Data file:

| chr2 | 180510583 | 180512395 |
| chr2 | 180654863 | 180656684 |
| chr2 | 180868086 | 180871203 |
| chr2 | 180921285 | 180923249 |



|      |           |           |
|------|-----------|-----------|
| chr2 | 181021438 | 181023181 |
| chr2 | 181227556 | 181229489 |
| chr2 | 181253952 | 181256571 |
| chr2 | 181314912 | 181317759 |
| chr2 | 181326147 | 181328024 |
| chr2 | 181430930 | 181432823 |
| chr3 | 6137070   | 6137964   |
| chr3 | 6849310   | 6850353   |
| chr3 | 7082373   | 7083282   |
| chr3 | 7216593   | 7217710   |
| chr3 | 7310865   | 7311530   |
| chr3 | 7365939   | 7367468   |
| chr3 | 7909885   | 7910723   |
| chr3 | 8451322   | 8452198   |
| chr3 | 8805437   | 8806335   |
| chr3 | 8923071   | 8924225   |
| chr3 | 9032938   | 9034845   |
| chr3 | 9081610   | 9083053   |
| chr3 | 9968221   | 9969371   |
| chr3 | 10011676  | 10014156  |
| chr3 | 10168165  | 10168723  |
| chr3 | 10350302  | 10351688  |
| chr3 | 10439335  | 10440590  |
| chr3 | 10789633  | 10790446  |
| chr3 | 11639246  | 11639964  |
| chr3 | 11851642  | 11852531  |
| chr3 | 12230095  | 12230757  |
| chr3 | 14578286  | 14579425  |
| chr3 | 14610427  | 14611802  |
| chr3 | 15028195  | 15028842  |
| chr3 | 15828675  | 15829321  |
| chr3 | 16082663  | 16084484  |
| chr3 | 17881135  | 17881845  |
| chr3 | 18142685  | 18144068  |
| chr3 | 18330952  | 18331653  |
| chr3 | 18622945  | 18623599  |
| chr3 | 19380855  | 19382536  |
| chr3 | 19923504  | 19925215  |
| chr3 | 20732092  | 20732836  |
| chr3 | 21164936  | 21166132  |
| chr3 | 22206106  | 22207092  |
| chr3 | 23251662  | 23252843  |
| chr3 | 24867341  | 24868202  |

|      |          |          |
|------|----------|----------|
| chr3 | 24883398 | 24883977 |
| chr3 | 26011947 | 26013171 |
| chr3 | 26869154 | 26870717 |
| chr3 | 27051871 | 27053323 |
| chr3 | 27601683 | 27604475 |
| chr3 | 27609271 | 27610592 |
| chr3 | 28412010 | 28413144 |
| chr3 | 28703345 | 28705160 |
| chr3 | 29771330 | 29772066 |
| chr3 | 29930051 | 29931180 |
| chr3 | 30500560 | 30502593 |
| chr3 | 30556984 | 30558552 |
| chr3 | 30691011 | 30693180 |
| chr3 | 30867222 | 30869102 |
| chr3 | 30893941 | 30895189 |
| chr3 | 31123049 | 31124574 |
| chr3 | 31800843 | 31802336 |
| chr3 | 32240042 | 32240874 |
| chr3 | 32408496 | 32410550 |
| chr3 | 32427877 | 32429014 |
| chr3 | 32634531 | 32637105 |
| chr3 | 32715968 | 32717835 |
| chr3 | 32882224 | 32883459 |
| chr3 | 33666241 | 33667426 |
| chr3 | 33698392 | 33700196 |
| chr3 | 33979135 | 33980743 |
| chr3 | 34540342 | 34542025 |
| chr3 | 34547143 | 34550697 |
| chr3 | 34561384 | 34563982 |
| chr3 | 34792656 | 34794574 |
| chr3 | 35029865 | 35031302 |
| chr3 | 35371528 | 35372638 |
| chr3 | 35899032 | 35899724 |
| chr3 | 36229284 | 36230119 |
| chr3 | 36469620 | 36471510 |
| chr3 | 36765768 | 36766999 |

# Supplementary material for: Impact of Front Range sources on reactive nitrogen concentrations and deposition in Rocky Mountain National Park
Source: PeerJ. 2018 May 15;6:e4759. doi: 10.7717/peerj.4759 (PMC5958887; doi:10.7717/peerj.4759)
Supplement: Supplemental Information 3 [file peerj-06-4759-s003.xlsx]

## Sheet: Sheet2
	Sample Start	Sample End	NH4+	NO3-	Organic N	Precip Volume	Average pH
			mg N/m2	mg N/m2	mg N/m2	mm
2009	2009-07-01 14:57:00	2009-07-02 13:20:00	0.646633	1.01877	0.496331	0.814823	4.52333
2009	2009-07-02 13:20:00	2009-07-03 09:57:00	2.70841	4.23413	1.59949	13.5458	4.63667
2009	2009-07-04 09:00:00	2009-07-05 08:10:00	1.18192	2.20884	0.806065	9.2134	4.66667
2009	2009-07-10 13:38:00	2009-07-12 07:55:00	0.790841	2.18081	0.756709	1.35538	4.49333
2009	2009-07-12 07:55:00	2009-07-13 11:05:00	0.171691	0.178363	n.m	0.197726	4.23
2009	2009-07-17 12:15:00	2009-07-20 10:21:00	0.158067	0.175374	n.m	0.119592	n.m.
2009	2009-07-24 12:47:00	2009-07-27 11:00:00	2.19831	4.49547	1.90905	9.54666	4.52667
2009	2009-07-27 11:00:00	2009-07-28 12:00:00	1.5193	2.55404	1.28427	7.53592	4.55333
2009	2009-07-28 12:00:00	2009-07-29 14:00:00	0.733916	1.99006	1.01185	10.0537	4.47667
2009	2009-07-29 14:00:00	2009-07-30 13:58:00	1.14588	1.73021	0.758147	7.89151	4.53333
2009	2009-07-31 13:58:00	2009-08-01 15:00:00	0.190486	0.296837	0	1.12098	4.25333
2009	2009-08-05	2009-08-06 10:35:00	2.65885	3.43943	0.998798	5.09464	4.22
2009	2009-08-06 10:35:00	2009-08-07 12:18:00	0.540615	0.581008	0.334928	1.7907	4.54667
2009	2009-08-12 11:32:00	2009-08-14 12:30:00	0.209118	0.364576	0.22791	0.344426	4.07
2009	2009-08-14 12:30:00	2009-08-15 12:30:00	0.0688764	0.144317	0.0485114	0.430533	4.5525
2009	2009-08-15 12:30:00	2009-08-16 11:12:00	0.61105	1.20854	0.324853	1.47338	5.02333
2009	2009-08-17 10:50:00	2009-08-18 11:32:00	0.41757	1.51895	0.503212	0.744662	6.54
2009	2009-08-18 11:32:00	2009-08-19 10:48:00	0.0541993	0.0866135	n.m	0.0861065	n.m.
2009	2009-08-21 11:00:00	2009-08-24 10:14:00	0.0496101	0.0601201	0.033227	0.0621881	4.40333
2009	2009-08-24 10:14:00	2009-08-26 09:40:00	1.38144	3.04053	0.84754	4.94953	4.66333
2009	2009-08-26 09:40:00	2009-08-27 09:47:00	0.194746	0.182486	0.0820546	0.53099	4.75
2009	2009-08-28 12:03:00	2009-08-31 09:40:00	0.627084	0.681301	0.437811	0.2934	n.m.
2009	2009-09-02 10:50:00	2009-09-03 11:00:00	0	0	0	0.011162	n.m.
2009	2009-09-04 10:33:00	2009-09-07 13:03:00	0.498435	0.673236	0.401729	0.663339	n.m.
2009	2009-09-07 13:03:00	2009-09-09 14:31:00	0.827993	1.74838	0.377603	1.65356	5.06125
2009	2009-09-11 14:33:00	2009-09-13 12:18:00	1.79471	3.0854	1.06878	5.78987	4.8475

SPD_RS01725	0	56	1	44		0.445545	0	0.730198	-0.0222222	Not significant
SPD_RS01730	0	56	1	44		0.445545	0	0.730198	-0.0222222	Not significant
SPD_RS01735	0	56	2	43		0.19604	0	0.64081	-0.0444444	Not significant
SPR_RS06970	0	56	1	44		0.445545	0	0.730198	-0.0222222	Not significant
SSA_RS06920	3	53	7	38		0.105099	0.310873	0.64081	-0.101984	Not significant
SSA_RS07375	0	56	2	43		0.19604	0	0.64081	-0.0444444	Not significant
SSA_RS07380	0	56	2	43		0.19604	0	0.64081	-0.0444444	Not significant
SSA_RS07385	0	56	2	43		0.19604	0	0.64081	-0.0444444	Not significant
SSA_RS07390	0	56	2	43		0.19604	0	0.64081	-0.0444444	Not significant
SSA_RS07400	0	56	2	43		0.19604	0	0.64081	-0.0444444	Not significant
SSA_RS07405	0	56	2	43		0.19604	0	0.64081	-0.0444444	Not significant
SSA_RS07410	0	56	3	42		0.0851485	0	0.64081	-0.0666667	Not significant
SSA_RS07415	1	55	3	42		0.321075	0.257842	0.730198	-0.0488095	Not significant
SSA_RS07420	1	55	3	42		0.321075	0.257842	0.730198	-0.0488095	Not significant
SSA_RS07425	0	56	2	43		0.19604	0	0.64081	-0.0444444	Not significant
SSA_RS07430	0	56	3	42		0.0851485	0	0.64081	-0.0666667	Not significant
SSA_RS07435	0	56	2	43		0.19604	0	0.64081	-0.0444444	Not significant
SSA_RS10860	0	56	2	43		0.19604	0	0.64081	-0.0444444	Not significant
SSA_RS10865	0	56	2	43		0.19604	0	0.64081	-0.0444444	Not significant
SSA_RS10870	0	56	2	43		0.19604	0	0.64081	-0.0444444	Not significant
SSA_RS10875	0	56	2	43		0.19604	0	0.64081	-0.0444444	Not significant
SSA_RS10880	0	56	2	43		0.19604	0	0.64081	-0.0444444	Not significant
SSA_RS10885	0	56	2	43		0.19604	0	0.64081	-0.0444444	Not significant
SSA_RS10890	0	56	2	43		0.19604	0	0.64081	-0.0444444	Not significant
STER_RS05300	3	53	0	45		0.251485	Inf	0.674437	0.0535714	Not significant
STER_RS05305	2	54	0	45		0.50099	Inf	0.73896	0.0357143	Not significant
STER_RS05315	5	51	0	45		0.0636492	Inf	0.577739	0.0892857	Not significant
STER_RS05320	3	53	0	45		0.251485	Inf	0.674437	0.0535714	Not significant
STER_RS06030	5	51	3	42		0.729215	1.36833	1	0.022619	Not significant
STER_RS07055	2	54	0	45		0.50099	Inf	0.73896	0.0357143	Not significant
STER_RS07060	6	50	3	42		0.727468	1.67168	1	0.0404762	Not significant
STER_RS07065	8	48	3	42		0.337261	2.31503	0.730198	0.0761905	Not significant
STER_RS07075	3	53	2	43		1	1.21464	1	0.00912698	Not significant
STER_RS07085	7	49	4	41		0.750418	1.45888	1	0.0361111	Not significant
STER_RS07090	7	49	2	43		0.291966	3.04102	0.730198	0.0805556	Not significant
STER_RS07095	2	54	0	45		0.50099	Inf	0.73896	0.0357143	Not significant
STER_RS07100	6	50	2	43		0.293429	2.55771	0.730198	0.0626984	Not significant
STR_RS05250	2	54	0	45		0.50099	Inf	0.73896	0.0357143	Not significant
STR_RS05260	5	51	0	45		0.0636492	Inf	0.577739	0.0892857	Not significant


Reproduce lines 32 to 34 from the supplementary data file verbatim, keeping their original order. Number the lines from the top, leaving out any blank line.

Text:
| chr3 | 11851642  | 11852531  |
| chr3 | 12230095  | 12230757  |
| chr3 | 14578286  | 14579425  |